- The embedded part of an organ or structure, such as a hair, tooth, or nerve, serving as a base or support.
- A primary source; an origin; radix.
- A plant part that usually grows underground, secures the plant in place, absorbs minerals and water, and stores food manufactured by leaves and other plant parts. Roots grow in a root system. Eudicots and magnoliids have a central, longer, and larger taproot with many narrower lateral roots branching off, while monocots have a mass of threadlike fibrous roots, which are roughly the same length and remain close to the surface of the soil. In vascular plants, roots usually consist of a central cylinder of vascular tissue, surrounded by the pericycle and endodermis, then a thick layer of cortex, and finally an outer epidermis or (in woody plants) periderm. Only finer roots (known as feeder roots) actively take up water and minerals, generally in the uppermost meter of soil. These roots absorb minerals primarily through small epidermal structures known as root hairs. In certain plants, adventitious roots grow out from the stem above ground as aerial roots or prop roots, bending down into the soil, to facilitate the exchange of gases or increase support. Certain plants (such as the carrot and beet) have fleshy storage roots with abundant parenchyma in their vascular tissues. See also fibrous root taproot.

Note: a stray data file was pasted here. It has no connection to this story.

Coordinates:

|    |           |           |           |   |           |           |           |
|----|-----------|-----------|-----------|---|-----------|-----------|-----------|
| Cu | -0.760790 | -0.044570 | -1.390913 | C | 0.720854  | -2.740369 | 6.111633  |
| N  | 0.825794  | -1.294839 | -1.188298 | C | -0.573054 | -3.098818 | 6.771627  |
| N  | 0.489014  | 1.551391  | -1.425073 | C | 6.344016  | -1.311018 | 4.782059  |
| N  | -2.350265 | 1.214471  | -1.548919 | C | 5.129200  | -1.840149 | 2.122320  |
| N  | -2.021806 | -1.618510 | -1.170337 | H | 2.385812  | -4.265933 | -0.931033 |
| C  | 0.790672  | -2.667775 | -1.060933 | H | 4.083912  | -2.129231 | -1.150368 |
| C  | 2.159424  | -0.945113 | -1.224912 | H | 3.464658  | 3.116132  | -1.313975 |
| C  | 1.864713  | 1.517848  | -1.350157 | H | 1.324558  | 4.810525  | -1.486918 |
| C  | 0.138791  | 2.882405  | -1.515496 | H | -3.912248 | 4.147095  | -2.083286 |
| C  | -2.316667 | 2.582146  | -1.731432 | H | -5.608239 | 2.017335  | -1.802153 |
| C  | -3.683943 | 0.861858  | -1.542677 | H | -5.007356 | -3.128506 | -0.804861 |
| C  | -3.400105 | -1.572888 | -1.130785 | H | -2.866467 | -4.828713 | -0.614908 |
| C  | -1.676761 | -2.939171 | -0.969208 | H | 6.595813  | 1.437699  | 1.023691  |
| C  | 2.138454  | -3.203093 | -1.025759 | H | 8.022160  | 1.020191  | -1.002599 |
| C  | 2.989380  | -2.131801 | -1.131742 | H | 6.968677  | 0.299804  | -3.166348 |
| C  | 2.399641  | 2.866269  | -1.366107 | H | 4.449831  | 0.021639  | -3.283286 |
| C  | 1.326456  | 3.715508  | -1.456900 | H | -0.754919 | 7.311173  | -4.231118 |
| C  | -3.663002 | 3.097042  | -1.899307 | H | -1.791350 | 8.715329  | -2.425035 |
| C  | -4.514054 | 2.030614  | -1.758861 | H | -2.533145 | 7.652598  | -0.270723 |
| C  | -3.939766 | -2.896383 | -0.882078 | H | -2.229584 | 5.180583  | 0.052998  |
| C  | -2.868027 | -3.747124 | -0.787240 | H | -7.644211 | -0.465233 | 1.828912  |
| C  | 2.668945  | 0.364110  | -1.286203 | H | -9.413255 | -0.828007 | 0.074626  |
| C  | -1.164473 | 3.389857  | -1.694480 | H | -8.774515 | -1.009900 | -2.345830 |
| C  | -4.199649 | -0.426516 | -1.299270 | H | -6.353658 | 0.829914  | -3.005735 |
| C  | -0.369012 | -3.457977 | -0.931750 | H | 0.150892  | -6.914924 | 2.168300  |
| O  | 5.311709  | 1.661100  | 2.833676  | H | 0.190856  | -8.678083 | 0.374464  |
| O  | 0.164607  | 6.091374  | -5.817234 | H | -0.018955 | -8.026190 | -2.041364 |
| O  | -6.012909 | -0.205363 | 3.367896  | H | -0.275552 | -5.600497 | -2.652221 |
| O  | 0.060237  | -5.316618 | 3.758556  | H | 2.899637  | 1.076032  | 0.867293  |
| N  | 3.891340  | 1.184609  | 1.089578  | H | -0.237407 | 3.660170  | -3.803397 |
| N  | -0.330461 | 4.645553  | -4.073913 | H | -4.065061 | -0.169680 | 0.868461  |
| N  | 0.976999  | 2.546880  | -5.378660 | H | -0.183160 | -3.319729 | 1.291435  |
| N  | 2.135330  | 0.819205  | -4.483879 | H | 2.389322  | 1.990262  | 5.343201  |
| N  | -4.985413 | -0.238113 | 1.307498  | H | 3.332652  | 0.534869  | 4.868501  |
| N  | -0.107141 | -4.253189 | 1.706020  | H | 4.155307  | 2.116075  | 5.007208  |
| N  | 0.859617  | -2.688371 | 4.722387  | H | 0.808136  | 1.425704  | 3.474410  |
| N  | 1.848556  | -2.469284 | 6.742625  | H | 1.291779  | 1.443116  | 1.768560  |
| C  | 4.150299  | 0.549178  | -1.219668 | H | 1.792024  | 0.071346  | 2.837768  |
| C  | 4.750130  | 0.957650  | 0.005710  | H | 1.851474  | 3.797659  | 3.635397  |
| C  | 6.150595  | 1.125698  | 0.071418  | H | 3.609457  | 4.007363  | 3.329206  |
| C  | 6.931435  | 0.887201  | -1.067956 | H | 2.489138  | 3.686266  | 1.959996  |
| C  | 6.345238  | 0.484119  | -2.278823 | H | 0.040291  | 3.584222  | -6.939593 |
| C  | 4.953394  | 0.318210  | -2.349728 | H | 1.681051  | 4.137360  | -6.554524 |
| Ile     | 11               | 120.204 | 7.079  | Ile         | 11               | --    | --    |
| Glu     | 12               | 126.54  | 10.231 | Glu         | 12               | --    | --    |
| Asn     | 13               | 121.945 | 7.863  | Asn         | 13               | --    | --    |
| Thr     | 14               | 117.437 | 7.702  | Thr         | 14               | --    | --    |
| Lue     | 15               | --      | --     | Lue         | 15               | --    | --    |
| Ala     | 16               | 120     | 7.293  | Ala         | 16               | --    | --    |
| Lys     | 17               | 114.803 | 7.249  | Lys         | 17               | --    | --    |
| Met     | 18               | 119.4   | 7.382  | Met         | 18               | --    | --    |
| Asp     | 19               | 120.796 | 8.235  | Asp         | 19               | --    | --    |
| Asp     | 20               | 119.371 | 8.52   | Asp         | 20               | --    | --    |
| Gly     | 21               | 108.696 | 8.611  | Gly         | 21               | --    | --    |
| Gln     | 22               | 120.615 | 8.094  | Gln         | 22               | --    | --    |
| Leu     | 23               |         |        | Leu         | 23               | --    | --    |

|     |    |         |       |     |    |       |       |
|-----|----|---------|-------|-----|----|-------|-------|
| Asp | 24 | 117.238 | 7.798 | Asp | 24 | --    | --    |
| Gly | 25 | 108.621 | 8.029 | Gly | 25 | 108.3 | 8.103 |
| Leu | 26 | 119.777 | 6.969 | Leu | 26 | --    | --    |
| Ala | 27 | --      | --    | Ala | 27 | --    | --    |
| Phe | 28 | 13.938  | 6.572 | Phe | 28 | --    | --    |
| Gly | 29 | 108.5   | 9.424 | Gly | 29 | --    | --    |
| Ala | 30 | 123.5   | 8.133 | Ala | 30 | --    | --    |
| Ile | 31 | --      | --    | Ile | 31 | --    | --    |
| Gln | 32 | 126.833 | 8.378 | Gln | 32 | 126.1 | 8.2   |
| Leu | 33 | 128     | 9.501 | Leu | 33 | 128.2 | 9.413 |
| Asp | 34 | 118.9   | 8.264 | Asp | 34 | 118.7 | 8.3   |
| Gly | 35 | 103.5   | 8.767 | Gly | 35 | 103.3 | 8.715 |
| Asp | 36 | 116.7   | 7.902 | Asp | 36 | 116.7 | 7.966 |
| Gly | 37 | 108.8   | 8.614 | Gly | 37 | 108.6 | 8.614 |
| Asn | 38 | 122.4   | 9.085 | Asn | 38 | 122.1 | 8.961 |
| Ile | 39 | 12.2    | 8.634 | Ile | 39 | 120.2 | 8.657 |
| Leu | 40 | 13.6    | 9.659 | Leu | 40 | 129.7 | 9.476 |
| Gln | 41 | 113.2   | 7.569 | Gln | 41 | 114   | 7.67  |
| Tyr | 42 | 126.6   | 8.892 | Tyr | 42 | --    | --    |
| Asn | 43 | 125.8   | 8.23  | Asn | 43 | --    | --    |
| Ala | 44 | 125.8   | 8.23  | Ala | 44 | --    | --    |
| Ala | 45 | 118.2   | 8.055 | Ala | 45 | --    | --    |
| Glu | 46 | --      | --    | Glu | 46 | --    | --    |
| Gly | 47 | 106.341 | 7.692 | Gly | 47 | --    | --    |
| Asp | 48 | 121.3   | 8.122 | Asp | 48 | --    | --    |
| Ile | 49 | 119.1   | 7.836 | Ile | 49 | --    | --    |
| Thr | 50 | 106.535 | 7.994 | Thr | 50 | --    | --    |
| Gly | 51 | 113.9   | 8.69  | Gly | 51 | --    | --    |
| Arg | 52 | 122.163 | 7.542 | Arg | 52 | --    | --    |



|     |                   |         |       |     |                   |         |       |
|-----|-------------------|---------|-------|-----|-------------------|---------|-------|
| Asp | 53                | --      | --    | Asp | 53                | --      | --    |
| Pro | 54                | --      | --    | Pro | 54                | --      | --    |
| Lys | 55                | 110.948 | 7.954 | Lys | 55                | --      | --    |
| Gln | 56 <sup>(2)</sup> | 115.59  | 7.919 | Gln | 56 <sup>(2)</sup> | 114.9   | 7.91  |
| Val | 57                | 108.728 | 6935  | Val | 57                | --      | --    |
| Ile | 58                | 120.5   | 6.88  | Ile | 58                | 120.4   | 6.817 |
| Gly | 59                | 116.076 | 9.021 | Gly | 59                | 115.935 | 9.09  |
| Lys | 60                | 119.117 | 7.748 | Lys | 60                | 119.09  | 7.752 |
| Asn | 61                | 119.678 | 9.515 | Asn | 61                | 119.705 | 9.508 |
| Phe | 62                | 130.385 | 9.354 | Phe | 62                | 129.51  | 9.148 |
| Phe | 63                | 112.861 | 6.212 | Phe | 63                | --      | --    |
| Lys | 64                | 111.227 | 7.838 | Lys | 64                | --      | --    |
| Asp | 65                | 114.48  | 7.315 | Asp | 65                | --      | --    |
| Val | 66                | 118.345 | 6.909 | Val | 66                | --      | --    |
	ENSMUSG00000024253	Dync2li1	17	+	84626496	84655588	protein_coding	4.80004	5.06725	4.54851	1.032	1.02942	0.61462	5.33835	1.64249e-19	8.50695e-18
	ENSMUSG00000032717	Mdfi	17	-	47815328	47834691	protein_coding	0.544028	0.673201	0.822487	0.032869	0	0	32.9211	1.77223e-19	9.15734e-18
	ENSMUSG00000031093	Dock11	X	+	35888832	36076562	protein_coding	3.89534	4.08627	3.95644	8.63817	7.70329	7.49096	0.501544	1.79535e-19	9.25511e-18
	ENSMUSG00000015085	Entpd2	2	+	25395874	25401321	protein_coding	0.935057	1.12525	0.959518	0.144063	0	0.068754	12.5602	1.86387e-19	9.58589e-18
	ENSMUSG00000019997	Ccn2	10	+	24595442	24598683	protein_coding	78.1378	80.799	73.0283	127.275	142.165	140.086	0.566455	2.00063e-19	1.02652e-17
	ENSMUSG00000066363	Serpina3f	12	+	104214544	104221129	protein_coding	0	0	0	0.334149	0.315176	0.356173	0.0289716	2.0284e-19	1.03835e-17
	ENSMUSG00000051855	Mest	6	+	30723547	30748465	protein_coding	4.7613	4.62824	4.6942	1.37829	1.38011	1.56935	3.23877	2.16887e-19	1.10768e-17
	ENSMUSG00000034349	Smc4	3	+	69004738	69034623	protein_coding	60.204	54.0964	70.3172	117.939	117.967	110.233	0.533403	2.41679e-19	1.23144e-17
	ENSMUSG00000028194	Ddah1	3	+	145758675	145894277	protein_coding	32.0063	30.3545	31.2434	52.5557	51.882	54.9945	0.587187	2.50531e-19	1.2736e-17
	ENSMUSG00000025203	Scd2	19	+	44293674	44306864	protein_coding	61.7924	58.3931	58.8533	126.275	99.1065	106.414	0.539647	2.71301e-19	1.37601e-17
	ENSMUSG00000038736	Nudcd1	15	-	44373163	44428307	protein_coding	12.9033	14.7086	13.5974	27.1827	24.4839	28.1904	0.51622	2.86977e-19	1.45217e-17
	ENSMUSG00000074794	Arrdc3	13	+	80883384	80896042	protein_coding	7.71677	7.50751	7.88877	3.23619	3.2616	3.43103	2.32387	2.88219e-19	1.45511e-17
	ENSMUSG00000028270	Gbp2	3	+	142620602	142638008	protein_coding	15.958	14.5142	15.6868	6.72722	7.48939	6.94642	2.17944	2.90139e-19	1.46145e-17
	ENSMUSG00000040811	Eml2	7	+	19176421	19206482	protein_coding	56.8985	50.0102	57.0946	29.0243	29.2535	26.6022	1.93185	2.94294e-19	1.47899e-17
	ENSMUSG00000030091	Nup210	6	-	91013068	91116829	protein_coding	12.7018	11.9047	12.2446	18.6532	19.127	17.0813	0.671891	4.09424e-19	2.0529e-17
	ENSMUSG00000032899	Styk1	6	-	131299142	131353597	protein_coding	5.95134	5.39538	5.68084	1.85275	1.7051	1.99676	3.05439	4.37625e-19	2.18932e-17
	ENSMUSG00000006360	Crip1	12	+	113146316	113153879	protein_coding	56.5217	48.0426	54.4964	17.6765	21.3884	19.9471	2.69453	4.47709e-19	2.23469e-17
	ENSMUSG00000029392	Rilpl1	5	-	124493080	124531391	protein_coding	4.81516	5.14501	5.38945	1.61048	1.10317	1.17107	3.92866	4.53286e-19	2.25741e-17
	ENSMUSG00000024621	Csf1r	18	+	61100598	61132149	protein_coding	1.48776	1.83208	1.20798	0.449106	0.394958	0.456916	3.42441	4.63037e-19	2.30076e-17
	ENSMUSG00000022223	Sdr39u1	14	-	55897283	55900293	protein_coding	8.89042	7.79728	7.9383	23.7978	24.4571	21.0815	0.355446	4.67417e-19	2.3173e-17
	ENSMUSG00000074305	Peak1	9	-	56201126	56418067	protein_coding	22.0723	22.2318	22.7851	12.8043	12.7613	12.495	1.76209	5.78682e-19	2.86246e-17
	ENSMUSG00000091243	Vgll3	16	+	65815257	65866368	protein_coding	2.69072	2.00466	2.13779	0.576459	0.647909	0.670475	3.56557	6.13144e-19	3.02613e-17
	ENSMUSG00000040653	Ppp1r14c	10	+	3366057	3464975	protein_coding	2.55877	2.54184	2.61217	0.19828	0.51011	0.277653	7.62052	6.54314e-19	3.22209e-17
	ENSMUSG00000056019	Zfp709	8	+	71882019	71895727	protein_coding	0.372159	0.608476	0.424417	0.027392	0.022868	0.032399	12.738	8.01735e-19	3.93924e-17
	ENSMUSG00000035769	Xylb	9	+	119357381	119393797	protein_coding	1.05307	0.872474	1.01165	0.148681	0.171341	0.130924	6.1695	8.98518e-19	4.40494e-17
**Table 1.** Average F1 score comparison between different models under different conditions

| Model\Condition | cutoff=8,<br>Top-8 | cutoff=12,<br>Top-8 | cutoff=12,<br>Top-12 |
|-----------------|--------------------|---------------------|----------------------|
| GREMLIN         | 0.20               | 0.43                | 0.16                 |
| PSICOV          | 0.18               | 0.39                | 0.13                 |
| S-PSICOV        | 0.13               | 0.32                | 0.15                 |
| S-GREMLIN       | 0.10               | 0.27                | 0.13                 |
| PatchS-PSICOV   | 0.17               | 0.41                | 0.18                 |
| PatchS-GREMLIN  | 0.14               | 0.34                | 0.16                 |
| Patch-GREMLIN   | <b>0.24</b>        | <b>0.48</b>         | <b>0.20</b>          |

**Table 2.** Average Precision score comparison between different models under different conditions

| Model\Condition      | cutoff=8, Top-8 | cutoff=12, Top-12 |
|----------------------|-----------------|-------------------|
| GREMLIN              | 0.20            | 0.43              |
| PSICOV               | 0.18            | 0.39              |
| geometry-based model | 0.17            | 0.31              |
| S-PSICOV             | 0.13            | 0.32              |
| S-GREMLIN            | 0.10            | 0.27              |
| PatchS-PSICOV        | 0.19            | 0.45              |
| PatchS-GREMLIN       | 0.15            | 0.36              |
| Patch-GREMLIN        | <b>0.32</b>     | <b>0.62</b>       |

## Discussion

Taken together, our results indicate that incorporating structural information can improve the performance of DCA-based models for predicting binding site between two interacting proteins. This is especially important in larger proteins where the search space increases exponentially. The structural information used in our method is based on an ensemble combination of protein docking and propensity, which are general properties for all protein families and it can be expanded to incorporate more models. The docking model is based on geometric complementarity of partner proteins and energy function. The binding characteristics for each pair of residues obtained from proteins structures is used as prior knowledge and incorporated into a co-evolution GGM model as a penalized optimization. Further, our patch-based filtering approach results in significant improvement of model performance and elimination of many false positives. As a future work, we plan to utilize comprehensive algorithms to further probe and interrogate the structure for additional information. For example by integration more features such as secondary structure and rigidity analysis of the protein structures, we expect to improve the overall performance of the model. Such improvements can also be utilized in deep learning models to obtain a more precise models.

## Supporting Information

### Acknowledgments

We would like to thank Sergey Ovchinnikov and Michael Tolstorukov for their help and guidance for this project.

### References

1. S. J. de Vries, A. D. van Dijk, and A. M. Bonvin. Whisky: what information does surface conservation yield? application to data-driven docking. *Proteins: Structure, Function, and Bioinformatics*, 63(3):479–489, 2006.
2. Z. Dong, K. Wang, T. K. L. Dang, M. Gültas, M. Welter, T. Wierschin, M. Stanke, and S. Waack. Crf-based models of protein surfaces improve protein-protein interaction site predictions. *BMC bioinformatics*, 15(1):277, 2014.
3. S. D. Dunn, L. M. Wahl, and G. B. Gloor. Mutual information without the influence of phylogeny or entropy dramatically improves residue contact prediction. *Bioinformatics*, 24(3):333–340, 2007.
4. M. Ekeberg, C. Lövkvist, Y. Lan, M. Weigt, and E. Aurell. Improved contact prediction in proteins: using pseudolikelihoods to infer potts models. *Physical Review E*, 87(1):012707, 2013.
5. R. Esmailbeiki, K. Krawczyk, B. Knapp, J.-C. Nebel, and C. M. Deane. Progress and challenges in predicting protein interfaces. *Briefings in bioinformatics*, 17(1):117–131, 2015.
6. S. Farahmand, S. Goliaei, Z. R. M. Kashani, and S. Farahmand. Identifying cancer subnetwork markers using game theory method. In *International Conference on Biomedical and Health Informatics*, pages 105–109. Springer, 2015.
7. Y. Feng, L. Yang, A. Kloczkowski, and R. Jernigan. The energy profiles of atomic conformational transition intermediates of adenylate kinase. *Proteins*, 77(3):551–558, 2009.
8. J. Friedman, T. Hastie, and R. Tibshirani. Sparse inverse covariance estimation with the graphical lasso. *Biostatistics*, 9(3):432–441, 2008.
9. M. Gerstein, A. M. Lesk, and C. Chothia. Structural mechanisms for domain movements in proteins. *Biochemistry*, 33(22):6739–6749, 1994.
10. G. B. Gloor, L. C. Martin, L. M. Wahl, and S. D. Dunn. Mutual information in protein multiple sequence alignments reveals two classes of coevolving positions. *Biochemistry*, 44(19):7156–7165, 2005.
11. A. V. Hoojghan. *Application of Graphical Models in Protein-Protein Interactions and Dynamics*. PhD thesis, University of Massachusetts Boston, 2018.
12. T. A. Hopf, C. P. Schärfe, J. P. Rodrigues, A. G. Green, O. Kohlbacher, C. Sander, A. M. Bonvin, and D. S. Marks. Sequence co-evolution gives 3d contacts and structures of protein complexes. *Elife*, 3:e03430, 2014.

- Any of various other plant parts that grow underground, especially an underground stem such as a corm, rhizome, or tuber.
- The part of a tooth that is embedded in the jaw and not covered by enamel.